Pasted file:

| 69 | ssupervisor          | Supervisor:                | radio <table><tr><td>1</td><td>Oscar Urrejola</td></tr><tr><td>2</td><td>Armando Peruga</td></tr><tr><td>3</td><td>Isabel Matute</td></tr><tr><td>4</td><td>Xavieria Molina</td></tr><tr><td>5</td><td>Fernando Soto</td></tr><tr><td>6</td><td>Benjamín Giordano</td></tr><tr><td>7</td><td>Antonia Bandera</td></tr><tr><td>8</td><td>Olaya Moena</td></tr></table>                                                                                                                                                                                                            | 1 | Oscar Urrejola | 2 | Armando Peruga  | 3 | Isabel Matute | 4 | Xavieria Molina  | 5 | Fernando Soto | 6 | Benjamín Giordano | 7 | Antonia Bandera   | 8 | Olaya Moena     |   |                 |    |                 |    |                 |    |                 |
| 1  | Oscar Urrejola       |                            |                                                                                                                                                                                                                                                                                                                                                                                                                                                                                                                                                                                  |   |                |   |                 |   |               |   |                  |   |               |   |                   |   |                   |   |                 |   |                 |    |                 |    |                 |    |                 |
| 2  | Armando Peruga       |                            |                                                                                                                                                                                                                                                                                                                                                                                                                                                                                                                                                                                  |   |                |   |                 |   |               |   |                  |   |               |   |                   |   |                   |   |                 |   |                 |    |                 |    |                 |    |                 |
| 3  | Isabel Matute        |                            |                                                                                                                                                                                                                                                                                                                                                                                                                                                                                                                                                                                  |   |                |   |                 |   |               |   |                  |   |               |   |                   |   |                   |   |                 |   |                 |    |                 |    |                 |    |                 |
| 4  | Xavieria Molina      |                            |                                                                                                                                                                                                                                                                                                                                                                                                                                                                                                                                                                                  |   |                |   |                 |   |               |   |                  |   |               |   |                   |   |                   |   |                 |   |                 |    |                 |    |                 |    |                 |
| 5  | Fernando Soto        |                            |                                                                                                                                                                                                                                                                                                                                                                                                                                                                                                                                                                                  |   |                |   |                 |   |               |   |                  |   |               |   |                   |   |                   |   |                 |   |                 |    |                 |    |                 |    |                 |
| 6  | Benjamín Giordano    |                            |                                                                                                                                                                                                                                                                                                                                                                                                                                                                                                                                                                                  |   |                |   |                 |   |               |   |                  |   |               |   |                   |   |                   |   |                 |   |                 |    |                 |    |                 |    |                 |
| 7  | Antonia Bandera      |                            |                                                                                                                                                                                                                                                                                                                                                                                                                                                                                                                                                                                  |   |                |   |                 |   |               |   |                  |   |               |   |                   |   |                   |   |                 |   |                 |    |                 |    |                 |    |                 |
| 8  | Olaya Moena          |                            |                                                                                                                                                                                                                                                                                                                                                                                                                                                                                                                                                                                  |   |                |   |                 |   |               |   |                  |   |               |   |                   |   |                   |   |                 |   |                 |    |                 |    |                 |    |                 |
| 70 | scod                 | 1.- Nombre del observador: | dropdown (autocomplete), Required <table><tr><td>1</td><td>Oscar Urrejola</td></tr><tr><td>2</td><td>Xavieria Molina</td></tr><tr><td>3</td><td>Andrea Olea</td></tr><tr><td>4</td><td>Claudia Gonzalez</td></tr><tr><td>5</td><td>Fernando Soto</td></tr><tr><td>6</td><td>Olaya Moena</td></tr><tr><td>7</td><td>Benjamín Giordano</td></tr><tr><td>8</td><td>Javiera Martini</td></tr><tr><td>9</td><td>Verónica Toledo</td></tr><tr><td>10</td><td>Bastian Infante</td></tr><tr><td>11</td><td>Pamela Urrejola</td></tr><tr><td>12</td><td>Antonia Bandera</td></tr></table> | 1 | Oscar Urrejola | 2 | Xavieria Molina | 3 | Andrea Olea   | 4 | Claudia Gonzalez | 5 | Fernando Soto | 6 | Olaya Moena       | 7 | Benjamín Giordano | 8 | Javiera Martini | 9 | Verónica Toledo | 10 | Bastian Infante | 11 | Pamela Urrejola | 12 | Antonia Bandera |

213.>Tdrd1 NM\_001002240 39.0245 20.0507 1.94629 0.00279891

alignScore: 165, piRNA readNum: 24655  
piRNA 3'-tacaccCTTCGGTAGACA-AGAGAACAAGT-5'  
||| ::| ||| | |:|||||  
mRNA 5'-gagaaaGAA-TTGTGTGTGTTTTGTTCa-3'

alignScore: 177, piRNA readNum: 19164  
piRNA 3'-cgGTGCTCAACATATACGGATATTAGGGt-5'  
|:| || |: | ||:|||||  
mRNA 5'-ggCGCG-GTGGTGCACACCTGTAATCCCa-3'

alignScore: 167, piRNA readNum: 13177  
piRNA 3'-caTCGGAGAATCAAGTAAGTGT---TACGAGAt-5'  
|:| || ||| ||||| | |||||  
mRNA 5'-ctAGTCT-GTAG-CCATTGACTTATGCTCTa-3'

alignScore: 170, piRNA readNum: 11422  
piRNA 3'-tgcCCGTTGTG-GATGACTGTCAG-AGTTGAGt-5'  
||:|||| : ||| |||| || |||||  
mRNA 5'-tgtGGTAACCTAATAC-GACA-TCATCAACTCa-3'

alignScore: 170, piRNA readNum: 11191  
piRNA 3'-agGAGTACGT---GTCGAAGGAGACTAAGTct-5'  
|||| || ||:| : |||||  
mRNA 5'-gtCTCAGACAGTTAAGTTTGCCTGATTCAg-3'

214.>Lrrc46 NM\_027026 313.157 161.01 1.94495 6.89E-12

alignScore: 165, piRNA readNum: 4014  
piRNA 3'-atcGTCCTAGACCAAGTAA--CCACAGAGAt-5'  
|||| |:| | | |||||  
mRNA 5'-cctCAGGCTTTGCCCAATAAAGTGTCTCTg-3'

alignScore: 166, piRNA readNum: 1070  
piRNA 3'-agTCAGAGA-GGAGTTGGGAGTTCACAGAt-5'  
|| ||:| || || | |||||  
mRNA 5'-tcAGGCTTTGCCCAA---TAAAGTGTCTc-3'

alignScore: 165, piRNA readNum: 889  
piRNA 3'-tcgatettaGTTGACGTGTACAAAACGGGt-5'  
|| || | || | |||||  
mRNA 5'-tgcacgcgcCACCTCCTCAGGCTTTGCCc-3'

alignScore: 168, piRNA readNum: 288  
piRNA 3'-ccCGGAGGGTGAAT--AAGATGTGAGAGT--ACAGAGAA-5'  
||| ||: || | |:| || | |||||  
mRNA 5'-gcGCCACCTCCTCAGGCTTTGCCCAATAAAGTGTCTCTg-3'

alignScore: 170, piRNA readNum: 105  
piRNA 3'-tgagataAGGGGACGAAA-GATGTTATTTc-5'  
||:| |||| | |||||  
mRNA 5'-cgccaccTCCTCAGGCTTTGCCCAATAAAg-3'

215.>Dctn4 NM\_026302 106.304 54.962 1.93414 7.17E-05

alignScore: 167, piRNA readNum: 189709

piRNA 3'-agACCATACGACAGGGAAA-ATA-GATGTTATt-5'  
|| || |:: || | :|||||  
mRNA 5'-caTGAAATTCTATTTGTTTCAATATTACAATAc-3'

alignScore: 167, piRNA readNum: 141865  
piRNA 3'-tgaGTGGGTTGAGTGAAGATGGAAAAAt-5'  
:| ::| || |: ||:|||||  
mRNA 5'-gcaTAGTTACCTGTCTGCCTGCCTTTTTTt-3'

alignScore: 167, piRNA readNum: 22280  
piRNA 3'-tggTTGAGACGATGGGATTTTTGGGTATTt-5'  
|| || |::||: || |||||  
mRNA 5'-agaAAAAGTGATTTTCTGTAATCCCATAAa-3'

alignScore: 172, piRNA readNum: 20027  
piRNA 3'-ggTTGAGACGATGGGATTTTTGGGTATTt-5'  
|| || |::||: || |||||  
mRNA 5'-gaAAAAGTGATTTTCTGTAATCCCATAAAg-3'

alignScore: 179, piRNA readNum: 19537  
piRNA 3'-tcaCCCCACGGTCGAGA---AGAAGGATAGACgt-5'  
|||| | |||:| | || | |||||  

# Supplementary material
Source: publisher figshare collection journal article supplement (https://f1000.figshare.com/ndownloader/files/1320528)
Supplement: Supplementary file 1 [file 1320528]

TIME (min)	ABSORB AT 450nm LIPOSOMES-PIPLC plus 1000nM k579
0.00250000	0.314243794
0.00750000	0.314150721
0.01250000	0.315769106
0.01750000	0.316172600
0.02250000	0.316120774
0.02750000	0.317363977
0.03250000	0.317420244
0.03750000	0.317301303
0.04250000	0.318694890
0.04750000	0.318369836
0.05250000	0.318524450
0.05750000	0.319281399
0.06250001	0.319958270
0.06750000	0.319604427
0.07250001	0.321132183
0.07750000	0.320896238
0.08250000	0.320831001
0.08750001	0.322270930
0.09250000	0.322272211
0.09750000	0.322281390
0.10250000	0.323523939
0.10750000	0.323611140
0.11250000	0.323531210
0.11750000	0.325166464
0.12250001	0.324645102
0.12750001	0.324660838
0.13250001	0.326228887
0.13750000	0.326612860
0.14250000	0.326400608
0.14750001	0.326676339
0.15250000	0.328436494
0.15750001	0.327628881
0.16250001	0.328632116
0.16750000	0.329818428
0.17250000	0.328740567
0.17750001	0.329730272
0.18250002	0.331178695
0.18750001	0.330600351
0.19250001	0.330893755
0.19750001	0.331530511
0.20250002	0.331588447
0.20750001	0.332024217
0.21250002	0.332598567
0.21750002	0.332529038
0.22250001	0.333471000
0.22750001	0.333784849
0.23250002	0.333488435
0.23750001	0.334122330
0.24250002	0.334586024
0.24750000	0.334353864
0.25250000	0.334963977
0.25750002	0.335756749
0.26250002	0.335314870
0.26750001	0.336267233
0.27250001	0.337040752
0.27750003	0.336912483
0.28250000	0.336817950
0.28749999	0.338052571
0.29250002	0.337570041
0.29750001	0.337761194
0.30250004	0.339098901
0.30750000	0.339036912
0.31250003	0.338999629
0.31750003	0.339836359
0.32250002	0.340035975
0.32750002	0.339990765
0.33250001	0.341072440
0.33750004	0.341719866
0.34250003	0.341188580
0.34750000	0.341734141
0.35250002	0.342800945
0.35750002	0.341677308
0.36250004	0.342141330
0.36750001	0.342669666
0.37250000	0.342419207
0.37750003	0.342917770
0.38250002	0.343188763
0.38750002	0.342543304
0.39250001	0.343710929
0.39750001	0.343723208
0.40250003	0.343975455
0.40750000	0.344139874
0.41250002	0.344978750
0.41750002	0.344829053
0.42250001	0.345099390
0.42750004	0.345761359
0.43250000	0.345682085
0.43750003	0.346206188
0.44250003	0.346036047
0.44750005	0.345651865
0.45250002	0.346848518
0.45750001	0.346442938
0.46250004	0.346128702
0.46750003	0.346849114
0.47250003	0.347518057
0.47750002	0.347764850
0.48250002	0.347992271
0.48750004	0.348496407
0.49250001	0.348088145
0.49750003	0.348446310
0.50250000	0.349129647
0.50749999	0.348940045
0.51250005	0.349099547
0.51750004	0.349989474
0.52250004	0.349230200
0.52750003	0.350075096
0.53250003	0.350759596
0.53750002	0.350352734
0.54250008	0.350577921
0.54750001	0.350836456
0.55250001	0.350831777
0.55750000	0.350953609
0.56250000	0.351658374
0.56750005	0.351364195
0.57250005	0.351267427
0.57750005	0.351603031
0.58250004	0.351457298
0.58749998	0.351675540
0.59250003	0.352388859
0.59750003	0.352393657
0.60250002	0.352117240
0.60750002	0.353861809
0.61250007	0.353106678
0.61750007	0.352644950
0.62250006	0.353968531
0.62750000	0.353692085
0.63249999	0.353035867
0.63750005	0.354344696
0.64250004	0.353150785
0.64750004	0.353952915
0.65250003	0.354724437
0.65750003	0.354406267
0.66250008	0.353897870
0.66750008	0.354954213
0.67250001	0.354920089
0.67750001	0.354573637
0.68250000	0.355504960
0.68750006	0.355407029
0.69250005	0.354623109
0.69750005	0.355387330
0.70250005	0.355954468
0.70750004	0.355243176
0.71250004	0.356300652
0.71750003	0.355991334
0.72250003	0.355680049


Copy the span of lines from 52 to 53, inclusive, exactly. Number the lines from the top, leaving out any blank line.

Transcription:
mRNA 5'-cgccaccTCCTCAGGCTTTGCCCAATAAAg-3'

215.>Dctn4 NM\_026302 106.304 54.962 1.93414 7.17E-05